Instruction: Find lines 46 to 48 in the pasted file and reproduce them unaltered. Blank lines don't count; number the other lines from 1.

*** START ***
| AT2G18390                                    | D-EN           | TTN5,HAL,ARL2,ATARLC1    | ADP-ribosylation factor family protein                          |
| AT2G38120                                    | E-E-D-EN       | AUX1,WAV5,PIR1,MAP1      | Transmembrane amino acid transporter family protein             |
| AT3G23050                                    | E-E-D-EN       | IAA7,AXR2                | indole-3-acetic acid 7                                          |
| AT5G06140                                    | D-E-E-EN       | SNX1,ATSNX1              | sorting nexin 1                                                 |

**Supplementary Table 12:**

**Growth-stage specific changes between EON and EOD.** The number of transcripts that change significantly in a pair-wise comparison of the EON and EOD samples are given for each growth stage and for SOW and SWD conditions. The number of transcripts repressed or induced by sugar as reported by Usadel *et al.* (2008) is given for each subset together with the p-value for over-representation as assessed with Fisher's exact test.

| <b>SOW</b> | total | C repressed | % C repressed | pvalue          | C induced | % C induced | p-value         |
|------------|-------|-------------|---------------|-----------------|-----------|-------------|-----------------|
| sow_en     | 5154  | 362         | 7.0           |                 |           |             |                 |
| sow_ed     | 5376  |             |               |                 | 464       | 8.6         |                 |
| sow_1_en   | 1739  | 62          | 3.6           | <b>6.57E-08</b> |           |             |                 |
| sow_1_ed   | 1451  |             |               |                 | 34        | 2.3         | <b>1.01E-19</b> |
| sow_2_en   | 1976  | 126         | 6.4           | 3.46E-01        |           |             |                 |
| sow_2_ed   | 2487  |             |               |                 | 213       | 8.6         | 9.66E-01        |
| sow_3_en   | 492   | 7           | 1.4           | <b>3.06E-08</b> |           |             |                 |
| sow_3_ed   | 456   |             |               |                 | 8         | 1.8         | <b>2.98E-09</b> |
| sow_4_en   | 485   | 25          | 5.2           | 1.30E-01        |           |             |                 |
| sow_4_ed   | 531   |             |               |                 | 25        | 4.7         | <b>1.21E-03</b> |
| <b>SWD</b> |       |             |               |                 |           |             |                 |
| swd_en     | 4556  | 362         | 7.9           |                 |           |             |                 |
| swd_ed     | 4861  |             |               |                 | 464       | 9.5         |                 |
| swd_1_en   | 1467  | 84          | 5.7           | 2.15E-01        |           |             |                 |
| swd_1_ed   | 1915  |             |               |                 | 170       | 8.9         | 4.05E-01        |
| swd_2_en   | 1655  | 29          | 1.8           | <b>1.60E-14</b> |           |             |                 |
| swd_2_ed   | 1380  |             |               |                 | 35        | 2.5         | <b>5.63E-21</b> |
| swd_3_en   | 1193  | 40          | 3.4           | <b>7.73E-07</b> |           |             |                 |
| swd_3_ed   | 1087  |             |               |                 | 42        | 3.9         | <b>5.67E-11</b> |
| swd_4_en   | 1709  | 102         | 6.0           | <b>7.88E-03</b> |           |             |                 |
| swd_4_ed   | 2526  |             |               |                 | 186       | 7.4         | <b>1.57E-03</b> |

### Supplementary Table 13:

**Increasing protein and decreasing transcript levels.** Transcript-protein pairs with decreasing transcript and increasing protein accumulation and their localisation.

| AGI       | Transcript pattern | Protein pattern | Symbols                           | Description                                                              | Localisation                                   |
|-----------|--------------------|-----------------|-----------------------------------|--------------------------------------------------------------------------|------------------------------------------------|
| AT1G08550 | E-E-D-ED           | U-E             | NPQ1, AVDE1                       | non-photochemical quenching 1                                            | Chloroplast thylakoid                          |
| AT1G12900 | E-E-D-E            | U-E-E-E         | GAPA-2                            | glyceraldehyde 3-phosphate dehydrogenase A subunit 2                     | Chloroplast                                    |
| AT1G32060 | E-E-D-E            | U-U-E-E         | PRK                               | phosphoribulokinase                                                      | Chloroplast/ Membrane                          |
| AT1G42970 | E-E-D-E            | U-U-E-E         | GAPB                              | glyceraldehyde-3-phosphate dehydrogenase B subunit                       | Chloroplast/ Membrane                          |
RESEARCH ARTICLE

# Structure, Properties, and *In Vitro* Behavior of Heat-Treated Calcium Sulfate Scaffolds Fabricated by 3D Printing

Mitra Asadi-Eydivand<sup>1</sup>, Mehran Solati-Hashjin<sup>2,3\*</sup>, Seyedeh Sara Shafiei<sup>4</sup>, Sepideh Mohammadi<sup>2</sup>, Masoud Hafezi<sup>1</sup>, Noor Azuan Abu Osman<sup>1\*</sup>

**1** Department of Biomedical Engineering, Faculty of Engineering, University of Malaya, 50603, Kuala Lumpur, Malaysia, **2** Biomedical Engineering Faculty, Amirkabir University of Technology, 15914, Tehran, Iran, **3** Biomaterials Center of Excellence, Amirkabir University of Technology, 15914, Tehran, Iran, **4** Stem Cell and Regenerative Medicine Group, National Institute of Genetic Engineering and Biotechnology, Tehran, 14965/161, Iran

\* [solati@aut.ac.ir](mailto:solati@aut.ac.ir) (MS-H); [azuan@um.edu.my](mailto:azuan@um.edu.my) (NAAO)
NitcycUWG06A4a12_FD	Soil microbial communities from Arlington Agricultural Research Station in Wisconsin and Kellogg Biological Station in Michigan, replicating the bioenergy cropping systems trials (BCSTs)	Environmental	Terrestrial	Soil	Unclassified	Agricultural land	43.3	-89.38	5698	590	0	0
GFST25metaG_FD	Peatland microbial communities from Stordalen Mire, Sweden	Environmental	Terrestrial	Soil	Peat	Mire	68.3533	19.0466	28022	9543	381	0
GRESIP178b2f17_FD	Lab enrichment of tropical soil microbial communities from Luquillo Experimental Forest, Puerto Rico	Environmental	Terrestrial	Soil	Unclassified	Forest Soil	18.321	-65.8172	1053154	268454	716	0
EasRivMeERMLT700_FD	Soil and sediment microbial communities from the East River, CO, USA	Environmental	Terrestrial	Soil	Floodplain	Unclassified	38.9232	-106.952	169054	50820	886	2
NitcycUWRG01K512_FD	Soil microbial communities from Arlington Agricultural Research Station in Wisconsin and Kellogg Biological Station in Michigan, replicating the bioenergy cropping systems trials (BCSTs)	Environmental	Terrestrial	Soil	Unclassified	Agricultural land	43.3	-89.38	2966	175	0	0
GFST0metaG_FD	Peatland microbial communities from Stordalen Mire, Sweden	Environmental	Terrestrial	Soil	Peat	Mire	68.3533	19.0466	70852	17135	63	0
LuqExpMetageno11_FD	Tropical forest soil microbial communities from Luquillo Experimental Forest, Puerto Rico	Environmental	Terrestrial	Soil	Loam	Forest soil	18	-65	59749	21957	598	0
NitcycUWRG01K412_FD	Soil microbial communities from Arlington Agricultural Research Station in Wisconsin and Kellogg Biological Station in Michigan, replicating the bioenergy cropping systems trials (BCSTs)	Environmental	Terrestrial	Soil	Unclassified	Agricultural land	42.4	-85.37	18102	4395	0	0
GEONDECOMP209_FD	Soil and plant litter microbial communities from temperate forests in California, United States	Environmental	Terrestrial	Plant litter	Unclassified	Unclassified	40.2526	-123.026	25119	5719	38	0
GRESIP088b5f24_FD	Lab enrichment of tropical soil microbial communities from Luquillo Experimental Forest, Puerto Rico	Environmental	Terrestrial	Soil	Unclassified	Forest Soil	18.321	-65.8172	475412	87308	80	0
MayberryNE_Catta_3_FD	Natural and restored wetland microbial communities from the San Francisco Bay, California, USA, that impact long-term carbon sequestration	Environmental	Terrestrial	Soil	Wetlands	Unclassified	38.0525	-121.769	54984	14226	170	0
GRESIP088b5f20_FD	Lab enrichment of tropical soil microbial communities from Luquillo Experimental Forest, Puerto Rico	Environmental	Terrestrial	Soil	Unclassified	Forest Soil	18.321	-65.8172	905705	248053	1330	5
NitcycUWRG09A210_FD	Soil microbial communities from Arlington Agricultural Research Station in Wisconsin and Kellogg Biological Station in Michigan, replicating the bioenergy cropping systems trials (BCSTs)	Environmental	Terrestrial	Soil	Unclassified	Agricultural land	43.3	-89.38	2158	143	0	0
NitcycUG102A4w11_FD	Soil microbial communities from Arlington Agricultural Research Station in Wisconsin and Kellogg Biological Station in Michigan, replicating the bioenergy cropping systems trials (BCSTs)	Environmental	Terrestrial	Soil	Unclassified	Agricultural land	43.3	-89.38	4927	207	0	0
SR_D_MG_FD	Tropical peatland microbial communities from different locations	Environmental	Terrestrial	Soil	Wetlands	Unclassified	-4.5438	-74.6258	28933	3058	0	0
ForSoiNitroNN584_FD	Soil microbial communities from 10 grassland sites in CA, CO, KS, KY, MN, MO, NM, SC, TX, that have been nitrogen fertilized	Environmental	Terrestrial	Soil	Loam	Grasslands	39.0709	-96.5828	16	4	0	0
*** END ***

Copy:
EasRivMeERMLT700_FD	Soil and sediment microbial communities from the East River, CO, USA	Environmental	Terrestrial	Soil	Floodplain	Unclassified	38.9232	-106.952	169054	50820	886	2
NitcycUWRG01K512_FD	Soil microbial communities from Arlington Agricultural Research Station in Wisconsin and Kellogg Biological Station in Michigan, replicating the bioenergy cropping systems trials (BCSTs)	Environmental	Terrestrial	Soil	Unclassified	Agricultural land	43.3	-89.38	2966	175	0	0
GFST0metaG_FD	Peatland microbial communities from Stordalen Mire, Sweden	Environmental	Terrestrial	Soil	Peat	Mire	68.3533	19.0466	70852	17135	63	0